Currently showing blog posts for: June 2016 - . Go BACK to view all posts.
Peter Murray

 

CgTsHNtWIAEb_OgUp in Smoke: The Failed Dreams of Battersea Power Station

by Peter Watts, Paradise Road, 2016, £20.

Review by Terence Bendixson

Opponents of the power station did not mince their words. Pollutants from it would ‘kill every green thing within two miles of Battersea, rot all buildings and bleach all the babies’. Thus wrote Edward Young, MP, to the Private Secretary of the Prime Minister in 1929. Even chain- smoking King George V, recovering from lung surgery at Bognor, joined in. ‘His Majesty feels the greatest concern at the prospect of the atmosphere of London being still further polluted…’ his secretary wrote to Neville Chamberlain, then Minister of Health.

It is not controversy about air pollution that dogs (pun intended) Battersea’s giant power station today, but what Will Self has called ‘class cleansing’ and domination by foreign – in this case Malaysian – capital. Could it have been otherwise? Might a sister organisation to the Coin Street Community Association have risen up to devote the power station to the dreams of Londoners? Might another Nicholas Serota, whose boldness and imagination have made Bankside the most popular museum of modern art in the world, have ridden in on a shining installation and rescued Battersea from commercial exploitation?

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Peter Murray

51EefVKoDrLThe Story of the Tower of London

by Tracy Borman. Merrell, 2015. £19.95. merrellpublishers.com

Review by Giles Waterfield

For dozens of recommended London Books, check out the London Society Book Service in association with John Sandoe Bookshop

The long history of the Tower of London – one of a very small group of buildings in Britain that has been continuously occupied for 1,000 years or so ó has been frequently interpreted and reinterpreted. The Tower has been seen, particularly in the 19th century, as the epitome of English history, notably in the endlessly popular Tudor period. Its complex tradition, as palace (or at least royal residence in times of crisis), fortress, prison, place of execution, armoury, garrison, showplace, menagerie and village, has given it a particular resonance. Anyone experiencing it on a summer afternoon today (or indeed a winter morning), buffeted by tourists from around the world, can see how powerful its appeal remains.

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Peter Murray

 

cf4b2f697fef642c773de38f5be6cf06The New Industrial Revolution: Consumers, Globalization and the End of Mass Production

by Peter Marsh. Yale University Press, 2012. £25

Review by David Michon

There’s something happening in the world of business, says Peter Marsh. But, isn’t there always? Not quite like this, he says. We are in the midst of an industrial revolution – the world’s fifth, which began roughly in 2005. Set to unfold over the next two and half decades, this shift can be attributed, according to Marsh, to several factors, including: an increasingly connected and expansive global manufacturing circuit; smaller, niche production, with more customisation; environmental responsiveness; and the opening up of China.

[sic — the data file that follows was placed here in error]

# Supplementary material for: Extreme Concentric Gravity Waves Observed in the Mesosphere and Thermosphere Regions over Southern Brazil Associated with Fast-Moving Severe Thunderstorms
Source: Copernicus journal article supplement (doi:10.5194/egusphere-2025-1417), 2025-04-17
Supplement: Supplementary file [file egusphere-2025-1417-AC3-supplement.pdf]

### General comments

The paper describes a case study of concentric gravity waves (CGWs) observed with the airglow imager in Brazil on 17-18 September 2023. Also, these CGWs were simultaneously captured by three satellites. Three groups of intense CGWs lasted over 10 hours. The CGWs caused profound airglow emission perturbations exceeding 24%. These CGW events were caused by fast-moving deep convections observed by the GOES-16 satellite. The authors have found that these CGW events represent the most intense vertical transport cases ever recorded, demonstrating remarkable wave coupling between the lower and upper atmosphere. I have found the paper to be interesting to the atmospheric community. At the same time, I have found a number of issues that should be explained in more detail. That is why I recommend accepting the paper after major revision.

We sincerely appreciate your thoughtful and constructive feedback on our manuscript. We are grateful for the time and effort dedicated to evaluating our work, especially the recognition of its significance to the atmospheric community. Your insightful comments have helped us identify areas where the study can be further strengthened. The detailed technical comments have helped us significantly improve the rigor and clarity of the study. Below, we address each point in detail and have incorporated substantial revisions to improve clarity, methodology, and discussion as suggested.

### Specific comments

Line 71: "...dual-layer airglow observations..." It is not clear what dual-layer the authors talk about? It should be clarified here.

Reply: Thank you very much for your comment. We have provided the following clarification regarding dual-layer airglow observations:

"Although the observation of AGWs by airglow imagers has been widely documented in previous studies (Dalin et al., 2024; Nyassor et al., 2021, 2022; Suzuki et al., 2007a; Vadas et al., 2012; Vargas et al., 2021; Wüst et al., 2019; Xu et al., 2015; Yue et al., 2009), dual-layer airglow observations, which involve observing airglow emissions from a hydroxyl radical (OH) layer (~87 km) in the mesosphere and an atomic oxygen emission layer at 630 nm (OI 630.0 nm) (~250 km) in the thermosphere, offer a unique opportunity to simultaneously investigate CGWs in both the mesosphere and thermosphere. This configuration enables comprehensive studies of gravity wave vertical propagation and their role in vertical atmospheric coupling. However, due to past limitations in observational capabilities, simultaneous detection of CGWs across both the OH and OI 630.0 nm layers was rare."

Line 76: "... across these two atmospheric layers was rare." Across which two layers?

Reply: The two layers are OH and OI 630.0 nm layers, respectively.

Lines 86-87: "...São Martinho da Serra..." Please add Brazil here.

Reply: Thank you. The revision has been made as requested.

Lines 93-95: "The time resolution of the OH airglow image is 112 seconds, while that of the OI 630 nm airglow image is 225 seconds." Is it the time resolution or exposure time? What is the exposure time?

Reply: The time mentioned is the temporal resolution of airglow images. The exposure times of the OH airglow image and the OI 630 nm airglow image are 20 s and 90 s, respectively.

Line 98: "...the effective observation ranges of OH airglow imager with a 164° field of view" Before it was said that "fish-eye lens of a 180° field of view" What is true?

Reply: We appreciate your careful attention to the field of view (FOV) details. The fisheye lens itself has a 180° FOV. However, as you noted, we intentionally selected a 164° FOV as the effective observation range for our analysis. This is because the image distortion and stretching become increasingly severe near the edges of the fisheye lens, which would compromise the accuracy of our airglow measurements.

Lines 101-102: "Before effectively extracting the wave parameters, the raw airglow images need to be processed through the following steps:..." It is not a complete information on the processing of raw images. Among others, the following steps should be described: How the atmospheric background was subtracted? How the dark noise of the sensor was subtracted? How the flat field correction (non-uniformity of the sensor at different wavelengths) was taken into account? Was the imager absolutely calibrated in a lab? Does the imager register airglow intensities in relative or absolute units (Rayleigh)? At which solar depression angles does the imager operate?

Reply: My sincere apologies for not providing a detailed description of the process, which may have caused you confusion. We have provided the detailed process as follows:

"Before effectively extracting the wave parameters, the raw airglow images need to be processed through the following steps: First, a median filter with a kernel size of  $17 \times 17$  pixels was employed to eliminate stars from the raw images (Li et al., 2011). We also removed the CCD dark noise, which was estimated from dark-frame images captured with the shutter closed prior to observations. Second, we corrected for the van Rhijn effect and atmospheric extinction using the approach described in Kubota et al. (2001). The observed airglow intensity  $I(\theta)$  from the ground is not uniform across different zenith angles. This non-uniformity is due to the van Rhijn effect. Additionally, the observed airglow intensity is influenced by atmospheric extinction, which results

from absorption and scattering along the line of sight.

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Peter Murray

wpbb920153_19_06The Trebor Story

by Matthew Crampton, Muddler Books, 2012. £12.08. On sale in bookshops or at muddlerbooks.com

Review by Ben Derbyshire

Matthew Crampton is a historian, a modern day wassailer, and a person who communicates infectious enthusiasm for diverse obsessions such as the music hall, and, in this case, the alchemists who turned raw sugar from east London’s Silvertown refinery into delicious sweets and in so doing transformed an East End micro-business into an international giant.

I suspect we will be hearing more from Mr Crampton at The London Society, and look forward to the full range of his storytelling and musical accomplishment on these subjects and others in the near future. Excuse the spoiler, but in his own words: “Trebor is a story of Britain’s industrial past. Its founders rode a wave of new technology, explored fresh ways of working and pioneered new sales techniques and export activities. They coped with two world wars. They coped with the ensuing peace. They coped with times of plenty and times of poverty. And when it became hard for a private company to compete with global competitors, they sold the business, as decently as they could and much more decently than they needed.”

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Peter Murray

dirtyoldad

Dirty Old London: the Victorian Fight against Filth

by Lee Jackson. Yale, 2014. £20. dirtyoldlondon.com

Review by Jonathan Manns

By the outbreak of the First World War in 1914, the British Empire was at its greatest extent, covering some 23 per cent of the surface of the globe. During the preceding century, the country’s imperial ambitions, mercantile culture and naval superiority, fuelled by the Industrial Revolution, had changed the world. The journey to reach this point also had profound domestic implications. The Victorians had reshaped London with a preoccupation for technology and sanitation; but for many citizens the experience remained, as Jack London described in 1903: “Helpless, hopeless, unrelieved, and dirty.” These experiences, which defined the daily life of everyday people, are the subject of Lee Jackson’s Dirty Old London.

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